Office vacancy: White-collar woes

White-collar jobs are under unprecedented pressure -- not just because of the sluggish economy but because of structural forces like outsourcing and automation.


Offices have been around since the earliest potentates and priests needed a place for scribes to craft grand pronouncements and number crunchers to tally the loot. For most of history, offices were for the fortunate few. It was nice work if you could get it, especially compared with plowing fields, lugging water buckets, and slaying Hittites. Only in the past century have most of us spent 9 to 5 Mondays through Fridays in offices.

During the 20th century, office work boomed. All those gleaming towers in every city around the planet represent a real-world bar chart that tracks the growth of office culture. And culture it is, though the white-collar theme usually centers around alienation and absurdity, as seen in everything from the Tracy and Hepburn classic “Desk Set” to Sloan Wilson’s “Man in the Gray Flannel Suit,” and from “Glengarry Glen Ross” to “Dilbert” to the comically transgressive world of “The Office.” In offices, the ties of the past – family, farm, parochialism – could be set aside and new lives as corporate citizens could be forged.

Offices have many advantages (clean, well-lighted, air-conditioned) and drawbacks (tedium, gossip, PowerPoint). But while office life is easy to poke fun at, office work is an important part of millions of lives. World-changing ideas are launched in offices. Airplanes, algorithms, and electric grids are not the product of a sole proprietor scribbling at a kitchen table. Office workers accomplish great things and earn honest salaries, which cycle back into the economy as houses, groceries, and educational expenditures. Yes, there’s also office politics. Office mates bond, disagree, and sometimes fall in love (see Tracy and Hepburn). All those inside worlds, after all, are occupied by humans.

IN PICTURES: The 10 happiest jobs

Increasingly, though, the century-long boom in office work appears to have peaked. The overbuilding of commercial space in the first decade of the 21st century and the layoffs of the past few years have turned many office buildings into echoing reminders of past glory. In newspapers, real estate agencies, mail-order houses, and insurance companies – among the businesses hardest hit by the Great Recession – whole floors have gone dark and every other cubicle is empty.

The “jobless recovery” is partly to blame. Skittish employers are reluctant to hire, and workers out of work are often shunned by companies that have jobs to offer. Moreover, new-economy powerhouses run lean as a practice. Google and Apple employ fewer than 75,000 workers combined, a fraction of the jobs that old-line companies like General Motors and AT&T salaried in their heyday.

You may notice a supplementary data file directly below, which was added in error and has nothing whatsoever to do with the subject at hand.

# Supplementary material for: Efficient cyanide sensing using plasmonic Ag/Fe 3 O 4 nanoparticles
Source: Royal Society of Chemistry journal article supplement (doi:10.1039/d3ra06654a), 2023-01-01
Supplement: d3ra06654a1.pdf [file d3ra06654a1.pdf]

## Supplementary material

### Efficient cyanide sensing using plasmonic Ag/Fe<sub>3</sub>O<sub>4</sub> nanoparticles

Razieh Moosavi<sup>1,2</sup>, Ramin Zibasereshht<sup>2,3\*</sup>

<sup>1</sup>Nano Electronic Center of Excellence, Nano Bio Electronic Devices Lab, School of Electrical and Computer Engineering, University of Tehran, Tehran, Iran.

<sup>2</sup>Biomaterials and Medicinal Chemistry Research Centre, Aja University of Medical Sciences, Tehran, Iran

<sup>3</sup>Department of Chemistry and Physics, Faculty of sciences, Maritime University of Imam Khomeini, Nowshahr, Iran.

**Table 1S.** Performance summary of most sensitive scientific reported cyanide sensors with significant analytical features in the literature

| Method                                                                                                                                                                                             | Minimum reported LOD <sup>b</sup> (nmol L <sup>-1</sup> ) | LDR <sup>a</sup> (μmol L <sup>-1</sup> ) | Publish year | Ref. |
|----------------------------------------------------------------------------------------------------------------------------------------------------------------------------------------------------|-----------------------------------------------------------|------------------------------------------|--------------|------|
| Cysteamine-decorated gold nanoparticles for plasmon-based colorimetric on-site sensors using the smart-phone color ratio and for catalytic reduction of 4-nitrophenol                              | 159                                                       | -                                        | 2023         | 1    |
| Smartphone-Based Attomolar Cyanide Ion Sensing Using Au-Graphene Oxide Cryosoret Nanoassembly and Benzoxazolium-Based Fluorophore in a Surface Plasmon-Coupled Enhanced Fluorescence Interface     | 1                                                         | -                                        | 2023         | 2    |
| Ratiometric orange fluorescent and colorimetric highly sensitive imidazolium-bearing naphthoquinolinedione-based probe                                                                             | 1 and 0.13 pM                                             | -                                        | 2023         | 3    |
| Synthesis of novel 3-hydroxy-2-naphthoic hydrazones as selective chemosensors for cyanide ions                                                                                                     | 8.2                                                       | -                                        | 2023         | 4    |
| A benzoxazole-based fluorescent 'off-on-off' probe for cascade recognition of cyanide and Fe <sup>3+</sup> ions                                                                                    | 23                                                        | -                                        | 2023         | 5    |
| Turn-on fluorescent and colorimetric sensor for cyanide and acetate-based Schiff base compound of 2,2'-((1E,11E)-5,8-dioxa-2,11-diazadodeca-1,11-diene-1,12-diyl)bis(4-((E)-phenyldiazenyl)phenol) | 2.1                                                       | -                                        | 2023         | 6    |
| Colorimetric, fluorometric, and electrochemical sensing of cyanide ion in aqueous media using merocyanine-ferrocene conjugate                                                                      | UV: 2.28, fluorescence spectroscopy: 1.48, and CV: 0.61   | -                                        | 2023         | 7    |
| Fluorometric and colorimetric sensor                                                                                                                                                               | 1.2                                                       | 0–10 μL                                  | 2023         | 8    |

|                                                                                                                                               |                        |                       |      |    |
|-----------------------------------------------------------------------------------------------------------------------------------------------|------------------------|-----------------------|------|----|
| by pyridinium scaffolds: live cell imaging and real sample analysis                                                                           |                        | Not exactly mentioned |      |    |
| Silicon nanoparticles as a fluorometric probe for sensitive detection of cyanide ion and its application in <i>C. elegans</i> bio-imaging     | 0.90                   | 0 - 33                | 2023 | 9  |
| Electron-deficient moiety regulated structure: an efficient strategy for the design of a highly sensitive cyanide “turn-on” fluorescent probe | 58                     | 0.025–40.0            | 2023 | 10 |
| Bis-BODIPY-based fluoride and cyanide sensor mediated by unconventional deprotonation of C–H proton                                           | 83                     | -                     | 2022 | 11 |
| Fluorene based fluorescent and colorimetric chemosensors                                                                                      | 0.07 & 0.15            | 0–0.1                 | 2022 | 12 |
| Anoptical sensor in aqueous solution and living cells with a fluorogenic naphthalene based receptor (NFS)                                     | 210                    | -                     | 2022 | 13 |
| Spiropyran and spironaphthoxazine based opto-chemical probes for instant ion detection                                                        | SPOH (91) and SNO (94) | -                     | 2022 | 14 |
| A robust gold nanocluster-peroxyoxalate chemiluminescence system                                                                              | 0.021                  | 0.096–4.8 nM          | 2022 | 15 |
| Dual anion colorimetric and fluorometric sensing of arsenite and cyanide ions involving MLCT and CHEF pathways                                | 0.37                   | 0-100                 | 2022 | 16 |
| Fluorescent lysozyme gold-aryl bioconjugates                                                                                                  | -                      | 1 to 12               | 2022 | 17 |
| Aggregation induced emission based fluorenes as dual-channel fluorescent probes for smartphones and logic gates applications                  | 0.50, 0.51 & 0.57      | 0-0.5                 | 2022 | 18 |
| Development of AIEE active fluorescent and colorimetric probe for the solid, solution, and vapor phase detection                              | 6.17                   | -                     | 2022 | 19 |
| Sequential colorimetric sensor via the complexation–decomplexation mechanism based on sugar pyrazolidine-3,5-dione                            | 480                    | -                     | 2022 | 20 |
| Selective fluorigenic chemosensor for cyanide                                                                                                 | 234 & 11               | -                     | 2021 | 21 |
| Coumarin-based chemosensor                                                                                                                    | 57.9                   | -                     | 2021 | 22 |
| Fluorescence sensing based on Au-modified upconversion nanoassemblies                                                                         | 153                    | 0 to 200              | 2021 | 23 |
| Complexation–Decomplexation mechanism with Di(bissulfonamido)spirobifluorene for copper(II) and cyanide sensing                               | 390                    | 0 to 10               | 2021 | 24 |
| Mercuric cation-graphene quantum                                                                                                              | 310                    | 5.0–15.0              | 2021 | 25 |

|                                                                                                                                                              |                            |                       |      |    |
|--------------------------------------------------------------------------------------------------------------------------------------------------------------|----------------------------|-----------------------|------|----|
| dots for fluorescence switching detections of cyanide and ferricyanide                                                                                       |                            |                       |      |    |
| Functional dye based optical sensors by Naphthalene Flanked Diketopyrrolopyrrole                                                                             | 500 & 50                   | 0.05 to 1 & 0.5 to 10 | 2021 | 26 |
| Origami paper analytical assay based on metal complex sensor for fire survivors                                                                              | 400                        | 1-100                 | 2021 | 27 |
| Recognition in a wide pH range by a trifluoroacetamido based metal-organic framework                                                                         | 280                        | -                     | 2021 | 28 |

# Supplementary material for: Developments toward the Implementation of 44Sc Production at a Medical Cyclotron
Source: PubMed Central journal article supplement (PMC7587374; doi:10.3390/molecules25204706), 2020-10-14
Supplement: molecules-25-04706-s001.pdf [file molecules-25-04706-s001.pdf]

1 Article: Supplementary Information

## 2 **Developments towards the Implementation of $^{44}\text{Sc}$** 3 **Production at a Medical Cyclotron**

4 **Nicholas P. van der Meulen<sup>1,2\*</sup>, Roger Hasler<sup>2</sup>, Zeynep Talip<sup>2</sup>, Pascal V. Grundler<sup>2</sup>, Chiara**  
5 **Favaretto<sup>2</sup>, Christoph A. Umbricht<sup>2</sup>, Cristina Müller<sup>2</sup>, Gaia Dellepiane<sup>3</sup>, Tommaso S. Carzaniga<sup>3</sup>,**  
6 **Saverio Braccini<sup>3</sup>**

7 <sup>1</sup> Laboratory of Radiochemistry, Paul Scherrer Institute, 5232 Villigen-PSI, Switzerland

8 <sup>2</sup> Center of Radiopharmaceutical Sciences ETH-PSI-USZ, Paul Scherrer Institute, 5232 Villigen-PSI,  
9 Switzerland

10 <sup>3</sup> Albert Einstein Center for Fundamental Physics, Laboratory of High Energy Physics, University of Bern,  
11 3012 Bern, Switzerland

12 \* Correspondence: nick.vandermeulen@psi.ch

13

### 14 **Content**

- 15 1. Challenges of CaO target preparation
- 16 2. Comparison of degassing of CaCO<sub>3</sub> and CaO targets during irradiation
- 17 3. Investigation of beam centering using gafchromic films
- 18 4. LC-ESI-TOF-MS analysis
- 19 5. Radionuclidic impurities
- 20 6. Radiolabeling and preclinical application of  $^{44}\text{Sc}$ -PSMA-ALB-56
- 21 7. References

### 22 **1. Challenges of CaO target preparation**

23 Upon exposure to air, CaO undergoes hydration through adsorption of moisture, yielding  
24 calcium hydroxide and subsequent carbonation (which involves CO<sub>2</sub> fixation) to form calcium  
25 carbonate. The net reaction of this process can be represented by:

Outsourcing and telecommuting also are making steel-and-glass headquarters buildings anachronistic. With employees working remotely, clerical work being aggressively automated, and employers avoiding the commitment of hiring for the long term, the career-long office job seems to be heading for obsolescence.

Literature has begun to reflect this shift. Joshua Ferris’s 2007 novel “Then We Came to the End” and Ed Park’s 2008 “Personal Days” recorded the anxiety of the era of downsizing. Mr. Ferris describes how a white-collar advertising tribe in Chicago watches news reports of distant layoffs in factories confident that they were “corporate citizens, buttressed by advanced degrees and padded by corporate fat,” never realizing that “in a downturn, we were the mismanaged inventory.”

This is dark stuff. Let’s pause for perspective: White-collar unemployment is only half as bad as blue-collar unemployment. Still, it is higher than it has been in previous recessions, and if the economy is fundamentally restructuring (see this special report), then the office world is in for continuous disruption in the years ahead.

What’s to be done? Four years into a downturn that still hasn’t turned up enough jobs, the unemployed, the marginally employed, and those worried that they might one day be seen as mismanaged inventory know that they have to persist in their quest for work. That can mean education, retraining, and job interviews stretching to the horizon.

This is not a story with a happy ending, except perhaps for this: Millions of people have come to realize that they are not in this alone. They need the world outside the office – family, friends, faith, and community – the world too often neglected in the quest for corporate citizenship.

IN PICTURES: The 10 happiest jobs

John Yemma is the editor of The Christian Science Monitor.

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